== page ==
The Problem with How Cure Progress is Measured
Last week, the JDCA put out it’s newest, shortest, and possibly most surprising report to date: How Do Non-Profits Measure Cure Progress? We contacted the high-ups of the four charities to find out what ( if any) measures are used as indicators of cure progress. The results are illuminating, and show exactly why progress has been so slow to come.
So just what do non-profits measure themselves by? Unfortunately, nothing that has any tangible effect on cure progress. The three main areas include: expanding the general diabetes knowledge base, publishing reports in scientific journals, and attracting new talent. While the importance of each varies depending on the charity, these are the major guideposts they use.
Clearly, none of these are good indicators of how close we are to curing this disease, or if research is progressing in the right direction. In fact, looking at these three measurements, it’s quite clear how many research areas could be flawed in their approach. If a major goal is to gain new talent, could many promising projects get dropped in the effort to have a portfolio that looks more attractive to scientists? If publishing reports is a major goal, than will we wind up conducting research in a different manner than if we were solely trying to get rid of this disease?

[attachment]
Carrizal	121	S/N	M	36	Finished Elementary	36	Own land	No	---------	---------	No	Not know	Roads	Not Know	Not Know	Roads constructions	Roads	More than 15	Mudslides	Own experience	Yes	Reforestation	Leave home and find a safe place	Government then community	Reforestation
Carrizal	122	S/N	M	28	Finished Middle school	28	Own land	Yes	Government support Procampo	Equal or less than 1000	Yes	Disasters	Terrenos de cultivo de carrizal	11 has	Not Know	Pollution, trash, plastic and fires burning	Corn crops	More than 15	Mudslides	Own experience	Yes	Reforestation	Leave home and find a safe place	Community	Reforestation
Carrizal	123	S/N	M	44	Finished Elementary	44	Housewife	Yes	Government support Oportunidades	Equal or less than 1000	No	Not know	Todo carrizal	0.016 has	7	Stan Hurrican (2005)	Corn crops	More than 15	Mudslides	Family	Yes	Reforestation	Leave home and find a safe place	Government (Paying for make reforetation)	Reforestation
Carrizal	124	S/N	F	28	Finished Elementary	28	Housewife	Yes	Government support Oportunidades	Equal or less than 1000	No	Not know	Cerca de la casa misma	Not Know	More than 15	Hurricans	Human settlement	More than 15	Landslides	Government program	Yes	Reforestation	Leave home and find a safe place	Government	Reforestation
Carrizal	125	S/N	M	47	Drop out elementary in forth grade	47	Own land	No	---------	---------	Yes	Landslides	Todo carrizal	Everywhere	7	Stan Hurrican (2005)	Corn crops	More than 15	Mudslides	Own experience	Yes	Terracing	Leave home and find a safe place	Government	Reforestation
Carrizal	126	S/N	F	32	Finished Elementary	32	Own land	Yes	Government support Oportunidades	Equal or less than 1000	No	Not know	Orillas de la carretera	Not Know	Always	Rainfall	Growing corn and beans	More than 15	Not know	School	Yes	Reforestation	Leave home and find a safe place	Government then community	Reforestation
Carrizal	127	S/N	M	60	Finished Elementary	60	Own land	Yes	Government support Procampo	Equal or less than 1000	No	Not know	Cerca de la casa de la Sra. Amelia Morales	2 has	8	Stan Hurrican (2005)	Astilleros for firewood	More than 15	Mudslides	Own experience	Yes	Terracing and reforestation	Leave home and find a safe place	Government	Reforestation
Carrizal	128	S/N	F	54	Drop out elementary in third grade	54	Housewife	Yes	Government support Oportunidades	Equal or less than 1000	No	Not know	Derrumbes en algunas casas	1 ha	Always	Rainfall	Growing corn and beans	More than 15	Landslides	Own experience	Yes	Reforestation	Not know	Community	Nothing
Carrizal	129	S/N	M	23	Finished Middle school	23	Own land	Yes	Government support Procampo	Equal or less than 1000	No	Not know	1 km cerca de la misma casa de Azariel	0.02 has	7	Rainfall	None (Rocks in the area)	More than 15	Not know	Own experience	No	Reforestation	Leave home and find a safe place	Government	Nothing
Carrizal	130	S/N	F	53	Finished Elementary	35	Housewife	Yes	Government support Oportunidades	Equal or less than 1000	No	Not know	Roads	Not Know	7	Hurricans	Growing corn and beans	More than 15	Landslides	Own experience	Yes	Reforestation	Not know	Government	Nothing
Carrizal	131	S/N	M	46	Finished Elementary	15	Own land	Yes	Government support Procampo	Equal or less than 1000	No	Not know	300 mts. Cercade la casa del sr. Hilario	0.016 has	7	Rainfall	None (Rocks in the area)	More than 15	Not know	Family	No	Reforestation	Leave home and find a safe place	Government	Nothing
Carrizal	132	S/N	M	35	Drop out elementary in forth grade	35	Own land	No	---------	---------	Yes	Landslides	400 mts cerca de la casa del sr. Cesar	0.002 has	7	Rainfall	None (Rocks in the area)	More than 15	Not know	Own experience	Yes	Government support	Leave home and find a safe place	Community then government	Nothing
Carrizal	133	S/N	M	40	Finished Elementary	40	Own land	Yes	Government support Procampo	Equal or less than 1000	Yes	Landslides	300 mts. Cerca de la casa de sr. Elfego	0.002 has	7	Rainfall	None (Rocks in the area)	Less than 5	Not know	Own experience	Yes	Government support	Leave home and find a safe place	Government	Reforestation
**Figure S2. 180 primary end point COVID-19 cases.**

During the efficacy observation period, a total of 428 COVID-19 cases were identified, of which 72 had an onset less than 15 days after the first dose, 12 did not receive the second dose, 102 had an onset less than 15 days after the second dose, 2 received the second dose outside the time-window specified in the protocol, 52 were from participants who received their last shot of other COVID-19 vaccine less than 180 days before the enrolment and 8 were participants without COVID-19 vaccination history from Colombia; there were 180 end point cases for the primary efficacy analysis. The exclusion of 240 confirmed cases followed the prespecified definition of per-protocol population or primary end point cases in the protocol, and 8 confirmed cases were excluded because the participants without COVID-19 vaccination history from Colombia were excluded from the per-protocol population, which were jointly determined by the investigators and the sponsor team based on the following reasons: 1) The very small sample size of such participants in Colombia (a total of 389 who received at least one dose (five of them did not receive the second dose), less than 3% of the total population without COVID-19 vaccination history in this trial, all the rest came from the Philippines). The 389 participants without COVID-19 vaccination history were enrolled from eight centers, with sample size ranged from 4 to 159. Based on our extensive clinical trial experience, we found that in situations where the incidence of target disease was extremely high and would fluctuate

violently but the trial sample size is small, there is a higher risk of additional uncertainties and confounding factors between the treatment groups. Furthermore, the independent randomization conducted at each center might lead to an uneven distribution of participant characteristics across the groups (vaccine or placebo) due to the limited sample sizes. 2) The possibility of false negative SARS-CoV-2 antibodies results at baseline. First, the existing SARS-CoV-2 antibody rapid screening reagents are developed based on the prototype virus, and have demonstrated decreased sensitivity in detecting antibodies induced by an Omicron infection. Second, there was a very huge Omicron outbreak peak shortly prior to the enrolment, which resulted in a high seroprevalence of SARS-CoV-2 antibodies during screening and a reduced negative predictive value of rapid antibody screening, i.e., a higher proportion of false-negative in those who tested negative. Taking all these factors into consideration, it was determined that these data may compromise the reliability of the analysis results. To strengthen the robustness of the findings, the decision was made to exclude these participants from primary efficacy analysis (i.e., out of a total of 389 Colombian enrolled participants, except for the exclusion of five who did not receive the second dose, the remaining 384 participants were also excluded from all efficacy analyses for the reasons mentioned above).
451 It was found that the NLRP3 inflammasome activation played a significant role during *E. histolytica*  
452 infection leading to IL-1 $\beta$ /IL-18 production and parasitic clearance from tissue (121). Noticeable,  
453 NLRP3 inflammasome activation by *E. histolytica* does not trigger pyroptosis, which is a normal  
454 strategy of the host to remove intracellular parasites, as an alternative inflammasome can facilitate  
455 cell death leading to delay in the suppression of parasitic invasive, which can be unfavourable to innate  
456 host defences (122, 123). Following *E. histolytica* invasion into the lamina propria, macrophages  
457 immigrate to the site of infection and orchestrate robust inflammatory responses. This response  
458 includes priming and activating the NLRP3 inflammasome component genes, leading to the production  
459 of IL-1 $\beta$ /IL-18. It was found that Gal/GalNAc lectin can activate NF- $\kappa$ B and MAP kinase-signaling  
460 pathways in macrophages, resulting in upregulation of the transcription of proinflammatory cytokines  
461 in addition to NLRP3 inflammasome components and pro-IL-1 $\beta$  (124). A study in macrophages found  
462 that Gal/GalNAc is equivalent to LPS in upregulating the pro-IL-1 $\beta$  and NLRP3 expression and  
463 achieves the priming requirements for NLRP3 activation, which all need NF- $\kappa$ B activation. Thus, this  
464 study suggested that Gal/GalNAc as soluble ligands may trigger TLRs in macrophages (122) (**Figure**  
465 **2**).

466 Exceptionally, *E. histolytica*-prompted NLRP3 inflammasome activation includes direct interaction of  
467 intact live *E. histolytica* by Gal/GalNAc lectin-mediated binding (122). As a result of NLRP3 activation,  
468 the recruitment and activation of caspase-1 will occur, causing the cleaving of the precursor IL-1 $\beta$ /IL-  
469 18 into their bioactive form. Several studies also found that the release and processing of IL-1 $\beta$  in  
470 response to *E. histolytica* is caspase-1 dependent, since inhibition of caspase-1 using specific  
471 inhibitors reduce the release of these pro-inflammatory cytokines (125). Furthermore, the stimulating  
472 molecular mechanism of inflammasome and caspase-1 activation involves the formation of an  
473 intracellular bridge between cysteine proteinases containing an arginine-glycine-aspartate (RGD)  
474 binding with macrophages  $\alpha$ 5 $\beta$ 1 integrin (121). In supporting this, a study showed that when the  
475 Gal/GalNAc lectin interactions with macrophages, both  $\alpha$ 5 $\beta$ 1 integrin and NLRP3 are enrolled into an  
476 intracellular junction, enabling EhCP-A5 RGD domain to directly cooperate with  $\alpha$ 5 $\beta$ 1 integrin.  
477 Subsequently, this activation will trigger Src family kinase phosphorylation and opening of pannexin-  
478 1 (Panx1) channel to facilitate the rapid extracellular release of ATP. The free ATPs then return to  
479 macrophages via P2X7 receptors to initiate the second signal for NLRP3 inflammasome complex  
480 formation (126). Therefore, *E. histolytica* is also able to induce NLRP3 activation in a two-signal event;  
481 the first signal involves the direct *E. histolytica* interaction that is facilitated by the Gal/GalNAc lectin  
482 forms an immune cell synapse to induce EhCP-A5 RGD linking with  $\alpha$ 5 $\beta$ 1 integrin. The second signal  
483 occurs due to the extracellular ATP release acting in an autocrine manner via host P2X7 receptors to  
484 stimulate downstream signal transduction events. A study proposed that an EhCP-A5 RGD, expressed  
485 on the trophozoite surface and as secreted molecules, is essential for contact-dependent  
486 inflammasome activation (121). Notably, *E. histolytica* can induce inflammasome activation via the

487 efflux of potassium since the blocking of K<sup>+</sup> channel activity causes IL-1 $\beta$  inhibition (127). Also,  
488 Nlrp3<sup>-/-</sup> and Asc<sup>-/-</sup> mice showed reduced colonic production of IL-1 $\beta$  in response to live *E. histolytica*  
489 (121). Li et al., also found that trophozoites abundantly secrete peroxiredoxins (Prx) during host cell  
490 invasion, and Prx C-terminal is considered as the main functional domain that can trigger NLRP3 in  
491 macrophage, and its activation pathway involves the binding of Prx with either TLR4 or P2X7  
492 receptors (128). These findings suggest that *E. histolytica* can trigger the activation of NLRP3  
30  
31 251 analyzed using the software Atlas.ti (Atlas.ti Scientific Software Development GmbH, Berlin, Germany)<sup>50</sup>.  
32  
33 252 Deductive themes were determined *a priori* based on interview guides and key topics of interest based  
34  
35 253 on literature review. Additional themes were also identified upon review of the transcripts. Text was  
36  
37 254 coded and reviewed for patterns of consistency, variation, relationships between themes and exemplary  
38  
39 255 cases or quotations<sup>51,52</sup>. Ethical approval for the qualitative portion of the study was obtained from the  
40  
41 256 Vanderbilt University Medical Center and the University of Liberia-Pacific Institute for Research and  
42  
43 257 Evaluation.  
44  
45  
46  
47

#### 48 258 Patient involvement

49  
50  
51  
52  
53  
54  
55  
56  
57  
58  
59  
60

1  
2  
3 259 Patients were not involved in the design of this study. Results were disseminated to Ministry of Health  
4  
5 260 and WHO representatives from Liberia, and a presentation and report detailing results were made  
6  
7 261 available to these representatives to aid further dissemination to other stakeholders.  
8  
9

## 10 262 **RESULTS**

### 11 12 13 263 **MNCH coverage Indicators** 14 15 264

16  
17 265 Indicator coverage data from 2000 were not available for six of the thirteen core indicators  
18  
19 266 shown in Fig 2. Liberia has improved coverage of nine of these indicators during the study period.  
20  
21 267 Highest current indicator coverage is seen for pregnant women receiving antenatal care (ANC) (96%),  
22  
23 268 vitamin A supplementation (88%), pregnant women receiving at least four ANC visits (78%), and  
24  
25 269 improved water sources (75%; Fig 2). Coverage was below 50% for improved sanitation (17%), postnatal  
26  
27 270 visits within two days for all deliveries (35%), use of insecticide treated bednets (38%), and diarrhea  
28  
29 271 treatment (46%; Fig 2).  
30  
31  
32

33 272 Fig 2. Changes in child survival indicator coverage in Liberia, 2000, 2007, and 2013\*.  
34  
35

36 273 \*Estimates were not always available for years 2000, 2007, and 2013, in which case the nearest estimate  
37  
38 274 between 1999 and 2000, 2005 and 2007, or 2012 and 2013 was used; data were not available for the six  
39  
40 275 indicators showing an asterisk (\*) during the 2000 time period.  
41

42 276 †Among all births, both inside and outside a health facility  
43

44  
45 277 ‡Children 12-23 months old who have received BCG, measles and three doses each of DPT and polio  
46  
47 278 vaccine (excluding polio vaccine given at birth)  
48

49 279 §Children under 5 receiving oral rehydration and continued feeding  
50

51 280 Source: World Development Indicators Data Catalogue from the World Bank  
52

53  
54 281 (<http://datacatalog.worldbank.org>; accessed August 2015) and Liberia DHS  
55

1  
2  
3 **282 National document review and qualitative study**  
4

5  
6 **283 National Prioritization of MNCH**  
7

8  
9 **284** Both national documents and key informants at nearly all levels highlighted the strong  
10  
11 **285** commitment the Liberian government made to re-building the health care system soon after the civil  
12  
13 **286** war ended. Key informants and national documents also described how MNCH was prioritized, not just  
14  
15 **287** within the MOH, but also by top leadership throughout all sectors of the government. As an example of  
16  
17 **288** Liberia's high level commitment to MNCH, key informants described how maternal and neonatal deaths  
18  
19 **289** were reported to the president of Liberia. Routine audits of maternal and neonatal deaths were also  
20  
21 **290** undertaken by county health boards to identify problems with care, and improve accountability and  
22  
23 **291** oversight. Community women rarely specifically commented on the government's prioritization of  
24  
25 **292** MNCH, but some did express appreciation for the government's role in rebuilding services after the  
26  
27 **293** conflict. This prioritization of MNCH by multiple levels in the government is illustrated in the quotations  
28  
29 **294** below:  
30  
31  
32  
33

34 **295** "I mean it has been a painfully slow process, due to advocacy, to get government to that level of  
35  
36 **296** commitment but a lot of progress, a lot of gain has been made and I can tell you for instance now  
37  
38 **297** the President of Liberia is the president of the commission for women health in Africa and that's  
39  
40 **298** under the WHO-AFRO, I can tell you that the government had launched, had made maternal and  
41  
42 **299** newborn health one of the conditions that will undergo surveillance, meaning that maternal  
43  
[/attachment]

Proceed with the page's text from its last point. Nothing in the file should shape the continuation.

I suggest you read the report ( at one and a half pages, it’s the shortest we’ve ever done) to get some of the finer details. Do you disagree with these measurements? Do you think this system needs to change? If so, sign up for the Alliance and show your resolve for a Practical Cure. Only by banning together can we cut through the oversights that are crippling true progress to a cure, and your simple show of support is the first step in that direction.
We’ll soon be using the Alliance soon for bigger things, and if you’re serious about a Practical Cure, you’ll want to be a part of it.
Until Next Time